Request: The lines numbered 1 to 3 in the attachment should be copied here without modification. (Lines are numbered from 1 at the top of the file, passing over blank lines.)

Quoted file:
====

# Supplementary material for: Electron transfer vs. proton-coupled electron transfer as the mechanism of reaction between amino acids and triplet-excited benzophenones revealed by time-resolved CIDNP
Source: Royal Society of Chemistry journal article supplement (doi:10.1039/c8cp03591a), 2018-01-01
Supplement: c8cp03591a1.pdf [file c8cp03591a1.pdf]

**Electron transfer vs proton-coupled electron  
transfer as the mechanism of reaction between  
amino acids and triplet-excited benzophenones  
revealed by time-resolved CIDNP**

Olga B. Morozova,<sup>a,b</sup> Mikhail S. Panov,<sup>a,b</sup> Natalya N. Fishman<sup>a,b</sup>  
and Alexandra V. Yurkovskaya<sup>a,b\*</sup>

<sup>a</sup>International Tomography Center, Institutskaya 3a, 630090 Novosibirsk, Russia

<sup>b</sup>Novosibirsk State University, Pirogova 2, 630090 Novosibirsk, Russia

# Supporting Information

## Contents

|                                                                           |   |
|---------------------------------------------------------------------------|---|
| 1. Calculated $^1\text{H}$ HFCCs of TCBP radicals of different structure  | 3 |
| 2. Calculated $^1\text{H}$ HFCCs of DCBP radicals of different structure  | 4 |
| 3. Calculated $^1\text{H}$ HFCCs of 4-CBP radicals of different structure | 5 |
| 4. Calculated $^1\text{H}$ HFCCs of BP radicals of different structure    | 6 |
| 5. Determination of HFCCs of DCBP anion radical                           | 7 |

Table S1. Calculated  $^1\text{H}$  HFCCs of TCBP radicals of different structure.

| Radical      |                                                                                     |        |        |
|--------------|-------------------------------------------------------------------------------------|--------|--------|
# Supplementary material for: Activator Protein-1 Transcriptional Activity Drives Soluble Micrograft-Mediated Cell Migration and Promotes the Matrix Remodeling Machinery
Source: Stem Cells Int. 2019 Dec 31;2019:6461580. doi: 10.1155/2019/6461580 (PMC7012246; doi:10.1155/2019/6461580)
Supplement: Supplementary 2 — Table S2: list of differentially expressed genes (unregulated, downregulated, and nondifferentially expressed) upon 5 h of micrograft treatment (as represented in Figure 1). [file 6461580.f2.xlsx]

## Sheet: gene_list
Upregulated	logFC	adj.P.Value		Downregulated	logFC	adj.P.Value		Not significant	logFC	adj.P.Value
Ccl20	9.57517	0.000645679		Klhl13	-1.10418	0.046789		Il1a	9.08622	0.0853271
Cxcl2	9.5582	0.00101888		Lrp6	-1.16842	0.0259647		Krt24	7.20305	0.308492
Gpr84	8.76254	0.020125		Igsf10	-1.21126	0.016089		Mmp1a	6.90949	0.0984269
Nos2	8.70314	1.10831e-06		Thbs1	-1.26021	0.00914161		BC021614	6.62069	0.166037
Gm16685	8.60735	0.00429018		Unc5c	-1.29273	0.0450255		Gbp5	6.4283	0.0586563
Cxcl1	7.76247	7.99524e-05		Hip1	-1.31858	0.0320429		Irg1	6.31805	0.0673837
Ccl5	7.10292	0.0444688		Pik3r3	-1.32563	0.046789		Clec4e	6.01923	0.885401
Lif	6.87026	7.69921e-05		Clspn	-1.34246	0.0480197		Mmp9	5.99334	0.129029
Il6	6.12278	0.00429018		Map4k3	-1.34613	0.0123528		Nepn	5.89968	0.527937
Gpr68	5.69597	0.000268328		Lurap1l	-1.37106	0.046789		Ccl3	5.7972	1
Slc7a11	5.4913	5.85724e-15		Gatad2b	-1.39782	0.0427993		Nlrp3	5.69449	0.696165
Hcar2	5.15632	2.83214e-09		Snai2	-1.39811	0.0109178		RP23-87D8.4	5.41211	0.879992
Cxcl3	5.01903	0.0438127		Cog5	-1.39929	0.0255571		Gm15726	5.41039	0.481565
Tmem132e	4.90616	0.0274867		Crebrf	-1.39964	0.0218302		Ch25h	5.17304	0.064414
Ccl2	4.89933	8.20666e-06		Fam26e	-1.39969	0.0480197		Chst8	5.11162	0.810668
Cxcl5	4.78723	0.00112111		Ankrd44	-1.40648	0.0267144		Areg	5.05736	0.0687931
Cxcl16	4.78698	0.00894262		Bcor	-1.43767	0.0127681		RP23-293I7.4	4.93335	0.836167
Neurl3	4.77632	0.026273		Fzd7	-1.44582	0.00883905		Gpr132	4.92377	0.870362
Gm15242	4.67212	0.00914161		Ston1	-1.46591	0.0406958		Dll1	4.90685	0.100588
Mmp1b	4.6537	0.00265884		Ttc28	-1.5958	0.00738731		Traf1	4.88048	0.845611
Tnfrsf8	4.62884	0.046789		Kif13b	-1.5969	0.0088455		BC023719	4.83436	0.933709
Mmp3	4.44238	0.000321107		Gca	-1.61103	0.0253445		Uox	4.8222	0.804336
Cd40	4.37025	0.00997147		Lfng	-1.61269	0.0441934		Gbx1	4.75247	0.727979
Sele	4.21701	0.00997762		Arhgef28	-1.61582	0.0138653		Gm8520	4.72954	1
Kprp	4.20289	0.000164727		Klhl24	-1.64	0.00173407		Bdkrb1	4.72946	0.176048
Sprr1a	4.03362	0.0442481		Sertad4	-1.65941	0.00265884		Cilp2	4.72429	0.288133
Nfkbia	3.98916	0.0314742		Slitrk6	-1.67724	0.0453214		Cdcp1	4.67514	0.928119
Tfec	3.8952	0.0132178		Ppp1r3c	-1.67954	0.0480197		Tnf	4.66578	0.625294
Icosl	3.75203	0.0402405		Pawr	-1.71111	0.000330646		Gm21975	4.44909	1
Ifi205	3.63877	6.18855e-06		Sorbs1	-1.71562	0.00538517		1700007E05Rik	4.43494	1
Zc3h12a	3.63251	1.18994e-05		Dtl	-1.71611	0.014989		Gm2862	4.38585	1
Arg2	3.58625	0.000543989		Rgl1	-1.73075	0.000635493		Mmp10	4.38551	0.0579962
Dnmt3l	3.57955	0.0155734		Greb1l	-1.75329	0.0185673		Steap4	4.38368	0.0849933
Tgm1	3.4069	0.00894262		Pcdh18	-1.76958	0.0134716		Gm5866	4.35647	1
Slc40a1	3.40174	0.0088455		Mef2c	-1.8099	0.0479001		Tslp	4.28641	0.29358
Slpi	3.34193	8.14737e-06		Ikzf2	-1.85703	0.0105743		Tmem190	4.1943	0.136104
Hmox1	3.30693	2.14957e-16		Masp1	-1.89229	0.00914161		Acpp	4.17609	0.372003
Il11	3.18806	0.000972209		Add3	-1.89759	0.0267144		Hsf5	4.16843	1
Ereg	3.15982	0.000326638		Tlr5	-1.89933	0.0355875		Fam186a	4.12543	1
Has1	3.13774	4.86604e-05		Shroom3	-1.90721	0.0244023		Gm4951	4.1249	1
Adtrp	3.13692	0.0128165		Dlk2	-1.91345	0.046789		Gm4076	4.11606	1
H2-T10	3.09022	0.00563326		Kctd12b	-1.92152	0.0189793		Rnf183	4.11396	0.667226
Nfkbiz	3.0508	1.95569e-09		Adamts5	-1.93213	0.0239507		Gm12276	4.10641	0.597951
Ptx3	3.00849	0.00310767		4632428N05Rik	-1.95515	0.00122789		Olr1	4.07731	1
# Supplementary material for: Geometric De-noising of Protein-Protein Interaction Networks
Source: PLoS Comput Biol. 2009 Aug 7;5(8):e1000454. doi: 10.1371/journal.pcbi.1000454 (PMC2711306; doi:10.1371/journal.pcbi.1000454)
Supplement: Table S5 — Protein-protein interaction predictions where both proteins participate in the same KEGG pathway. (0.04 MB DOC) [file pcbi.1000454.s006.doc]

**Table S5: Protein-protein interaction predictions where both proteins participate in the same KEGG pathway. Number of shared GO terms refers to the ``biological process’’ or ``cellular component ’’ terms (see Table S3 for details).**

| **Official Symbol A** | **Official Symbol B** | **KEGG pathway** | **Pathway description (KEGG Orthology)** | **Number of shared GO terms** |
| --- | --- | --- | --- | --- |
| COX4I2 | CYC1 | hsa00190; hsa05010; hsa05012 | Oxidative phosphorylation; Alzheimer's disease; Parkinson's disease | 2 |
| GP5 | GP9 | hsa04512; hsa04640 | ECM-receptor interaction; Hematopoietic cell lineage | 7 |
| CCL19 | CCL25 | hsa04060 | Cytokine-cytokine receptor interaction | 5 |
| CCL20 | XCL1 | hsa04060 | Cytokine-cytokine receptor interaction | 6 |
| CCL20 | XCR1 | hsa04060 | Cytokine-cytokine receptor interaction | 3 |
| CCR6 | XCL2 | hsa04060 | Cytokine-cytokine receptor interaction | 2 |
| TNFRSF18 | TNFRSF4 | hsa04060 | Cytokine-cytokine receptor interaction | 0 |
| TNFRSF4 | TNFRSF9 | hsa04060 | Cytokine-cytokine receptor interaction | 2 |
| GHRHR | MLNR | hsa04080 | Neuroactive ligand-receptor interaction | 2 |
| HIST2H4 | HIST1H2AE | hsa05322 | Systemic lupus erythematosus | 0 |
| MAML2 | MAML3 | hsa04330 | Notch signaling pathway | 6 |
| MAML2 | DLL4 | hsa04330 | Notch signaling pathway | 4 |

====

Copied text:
# Supplementary material for: Electron transfer vs. proton-coupled electron transfer as the mechanism of reaction between amino acids and triplet-excited benzophenones revealed by time-resolved CIDNP
Source: Royal Society of Chemistry journal article supplement (doi:10.1039/c8cp03591a), 2018-01-01
Supplement: c8cp03591a1.pdf [file c8cp03591a1.pdf]